# How many ways to have a perfect game of snake?

I've been playing snake. Online there are videos of people playing a perfect game and filling up the board.

How many ways are there to fill an n x m rectangle with a snake of length n*m?

• +1, Nice question! – pkwssis Jan 12 at 19:53
• – JMoravitz Jan 12 at 20:00

It looks like this problem is hard.

First, let's phrase the question in terms which u̶s̶e̶ ̶b̶i̶g̶g̶e̶r̶ ̶w̶o̶r̶d̶s̶ will bring up more relevant google hits.

Recall a Hamiltonian Path is a path in a graph which touches every vertex exactly once. A Hamiltonian Cycle is a hamiltonian path which loops back on itself.

In terms of snake, a hamiltonian path is a way to lie the snake on the board in a perfect way, while a hamiltonian cycle is a way to allow you to play indefinitely (since the tail of the snake and the head of the snake will always be next to each other, so you can take another step).

A ($$m \times n$$) Grid Graph is exactly what you think it is. Below is a $$4\times7$$ grid graph:

So, if you want the number of ways to lay a snake on a board perfectly, you want the number of hamiltonian paths in a grid graph. If you want the number of ways to play snake and wind up with a perfect position, you want the number of hamiltonian cycles.

(Here is a relevant (and fun) youtube video if I've been to fast with why hamiltonian cycles are the right thing to count)

With our updated, google-able terminology, let's see what the mathematics community has to offer:

1. A hamiltonian cycle exists iff $$m$$ or $$n$$ is even (or it's the 1x1 grid, which isn't a very interesting game of snake)

2. A hamiltonian path always exists

3. There's not much more that we know.

Here is a paper ("The number of Hamiltonian paths in a rectangular grid" by Karen Collins and Lucia Krompart) which gives answers in the form of generating functions for $$m = 1,2,3,4,5$$. We can use these generating functions to get answers for any $$n \times m$$ grid for $$m = 1,2,3,4,5$$, though I admit I haven't read the paper, so I'm not sure what the generating functions look like.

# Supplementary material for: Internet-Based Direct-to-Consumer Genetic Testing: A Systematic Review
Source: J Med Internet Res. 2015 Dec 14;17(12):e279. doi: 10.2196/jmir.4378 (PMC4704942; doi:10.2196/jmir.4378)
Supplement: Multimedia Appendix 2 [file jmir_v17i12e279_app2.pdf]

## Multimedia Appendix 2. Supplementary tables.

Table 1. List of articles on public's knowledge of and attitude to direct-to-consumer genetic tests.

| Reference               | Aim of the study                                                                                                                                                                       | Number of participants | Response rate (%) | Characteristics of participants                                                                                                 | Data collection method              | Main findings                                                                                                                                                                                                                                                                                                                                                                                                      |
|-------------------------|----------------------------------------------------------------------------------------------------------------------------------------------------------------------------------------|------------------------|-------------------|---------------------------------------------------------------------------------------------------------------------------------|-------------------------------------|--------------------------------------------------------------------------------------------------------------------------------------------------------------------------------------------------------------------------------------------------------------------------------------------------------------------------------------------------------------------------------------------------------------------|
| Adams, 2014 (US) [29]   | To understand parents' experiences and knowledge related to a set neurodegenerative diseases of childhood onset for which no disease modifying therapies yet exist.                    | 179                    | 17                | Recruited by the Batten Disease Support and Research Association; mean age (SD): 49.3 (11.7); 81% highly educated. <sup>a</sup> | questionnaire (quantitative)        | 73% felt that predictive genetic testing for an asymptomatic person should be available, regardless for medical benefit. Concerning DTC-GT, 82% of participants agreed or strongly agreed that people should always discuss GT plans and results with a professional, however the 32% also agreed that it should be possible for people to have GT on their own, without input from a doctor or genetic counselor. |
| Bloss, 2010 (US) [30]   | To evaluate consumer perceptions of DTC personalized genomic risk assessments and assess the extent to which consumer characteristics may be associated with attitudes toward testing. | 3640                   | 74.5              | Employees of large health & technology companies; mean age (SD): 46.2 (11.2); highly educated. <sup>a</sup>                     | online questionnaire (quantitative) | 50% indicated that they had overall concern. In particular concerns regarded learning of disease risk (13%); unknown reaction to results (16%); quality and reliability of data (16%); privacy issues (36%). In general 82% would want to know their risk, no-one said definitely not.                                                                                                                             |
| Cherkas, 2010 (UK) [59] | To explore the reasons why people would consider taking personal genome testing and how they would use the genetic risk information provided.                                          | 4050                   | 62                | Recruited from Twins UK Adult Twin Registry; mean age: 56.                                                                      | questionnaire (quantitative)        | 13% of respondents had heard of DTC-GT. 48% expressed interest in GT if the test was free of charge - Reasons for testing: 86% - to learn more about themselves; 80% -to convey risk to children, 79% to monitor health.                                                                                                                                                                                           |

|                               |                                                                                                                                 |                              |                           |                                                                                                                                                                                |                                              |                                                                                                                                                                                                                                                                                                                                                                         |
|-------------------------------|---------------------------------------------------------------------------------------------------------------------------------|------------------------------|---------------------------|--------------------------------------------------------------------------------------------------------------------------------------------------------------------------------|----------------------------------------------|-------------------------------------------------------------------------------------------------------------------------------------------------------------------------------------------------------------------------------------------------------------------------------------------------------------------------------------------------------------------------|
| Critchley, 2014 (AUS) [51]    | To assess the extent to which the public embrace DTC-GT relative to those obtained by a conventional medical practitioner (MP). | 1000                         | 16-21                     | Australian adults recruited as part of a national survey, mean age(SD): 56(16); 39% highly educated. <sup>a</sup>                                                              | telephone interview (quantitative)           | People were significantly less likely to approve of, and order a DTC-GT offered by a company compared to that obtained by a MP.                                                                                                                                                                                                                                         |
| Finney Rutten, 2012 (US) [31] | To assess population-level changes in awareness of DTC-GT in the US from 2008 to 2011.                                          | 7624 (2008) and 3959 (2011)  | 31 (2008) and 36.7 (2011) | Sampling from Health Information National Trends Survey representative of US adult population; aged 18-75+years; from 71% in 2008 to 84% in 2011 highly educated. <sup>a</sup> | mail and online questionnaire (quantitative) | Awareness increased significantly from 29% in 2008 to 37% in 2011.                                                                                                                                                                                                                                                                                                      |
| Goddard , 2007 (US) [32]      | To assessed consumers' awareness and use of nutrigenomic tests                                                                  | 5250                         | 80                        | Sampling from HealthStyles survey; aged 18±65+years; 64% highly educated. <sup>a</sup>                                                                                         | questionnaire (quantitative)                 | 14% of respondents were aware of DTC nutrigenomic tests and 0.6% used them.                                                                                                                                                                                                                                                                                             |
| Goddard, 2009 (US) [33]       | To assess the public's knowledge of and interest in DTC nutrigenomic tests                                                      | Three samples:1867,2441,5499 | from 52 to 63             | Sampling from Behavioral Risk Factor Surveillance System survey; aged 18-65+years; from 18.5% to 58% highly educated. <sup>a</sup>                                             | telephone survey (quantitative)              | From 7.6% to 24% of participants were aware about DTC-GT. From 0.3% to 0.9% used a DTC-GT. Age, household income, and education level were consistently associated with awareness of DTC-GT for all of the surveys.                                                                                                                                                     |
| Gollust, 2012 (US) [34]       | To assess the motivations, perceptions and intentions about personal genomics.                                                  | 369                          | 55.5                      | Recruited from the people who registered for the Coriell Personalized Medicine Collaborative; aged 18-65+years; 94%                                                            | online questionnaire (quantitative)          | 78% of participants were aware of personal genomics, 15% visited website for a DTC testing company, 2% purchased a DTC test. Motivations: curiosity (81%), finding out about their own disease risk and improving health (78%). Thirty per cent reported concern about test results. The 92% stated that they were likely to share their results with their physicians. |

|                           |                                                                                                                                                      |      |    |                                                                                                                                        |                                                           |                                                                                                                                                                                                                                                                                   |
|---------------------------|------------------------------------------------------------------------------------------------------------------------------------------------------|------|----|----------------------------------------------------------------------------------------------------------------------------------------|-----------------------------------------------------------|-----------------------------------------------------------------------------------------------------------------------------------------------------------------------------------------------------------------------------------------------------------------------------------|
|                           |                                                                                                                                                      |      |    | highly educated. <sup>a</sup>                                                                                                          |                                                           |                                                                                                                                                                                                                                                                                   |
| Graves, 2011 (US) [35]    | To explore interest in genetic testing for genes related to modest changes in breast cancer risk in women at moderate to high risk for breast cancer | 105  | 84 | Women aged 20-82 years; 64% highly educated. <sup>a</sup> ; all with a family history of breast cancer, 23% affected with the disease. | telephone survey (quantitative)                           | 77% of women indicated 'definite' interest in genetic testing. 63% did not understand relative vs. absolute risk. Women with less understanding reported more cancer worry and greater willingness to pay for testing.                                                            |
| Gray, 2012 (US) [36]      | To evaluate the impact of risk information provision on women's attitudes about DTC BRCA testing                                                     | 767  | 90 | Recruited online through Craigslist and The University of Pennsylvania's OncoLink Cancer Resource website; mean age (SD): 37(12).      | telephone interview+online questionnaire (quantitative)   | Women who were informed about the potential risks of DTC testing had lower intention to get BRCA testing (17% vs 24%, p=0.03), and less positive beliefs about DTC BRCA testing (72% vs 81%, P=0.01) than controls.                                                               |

I'm confident that this problem can be solved, but it looks like some new techniques will have to be applied in order to fully understand the issue.

Edit:

Here's some more information, this OEIS sequence is the number of hamiltonian cycles on a $$2n \times 2n$$ grid (reduced by symmetry). It came from this MO post, which also tells us the asymptotics of the number of perfect snake games on a $$n \times n$$ grid: it grows like $$\tau^{n^2}$$ where $$1.429 < \tau < 1.530$$.

As for rectangular grids (instead of square grids), the best I've found is this paper ("Enumeration of Hamiltonian Circuits in Rectangular Grids", by Robert Stoyan and Volker Strehl), which gives an efficient algorithm for computing specific examples (and shows a really cool looking connection to formal language theory!) and gives some explicit computations at the end.

Finding a general closed formula seems to be out of the question, but I'm still feeling pretty confident a 2-variable generating function will exist (though at this point I feel pretty sure it will be gross...)

I hope this helps ^_^

• It's possible to give a linear recurrence relation for any fixed $m$ without too much work (as it outlined in the Collins + Krompart part) - it's just that the degree of this relation looks to be $2^m$, so becomes impractical quickly. (Though, that's not to say it's a bad method; rather, it's a hard problem to compute exactly) – Milo Brandt Jan 12 at 21:07
• Great point! I interpreted the question as looking for a closed form, but I shouldn't have jumped past stuff like this – HallaSurvivor Jan 12 at 21:10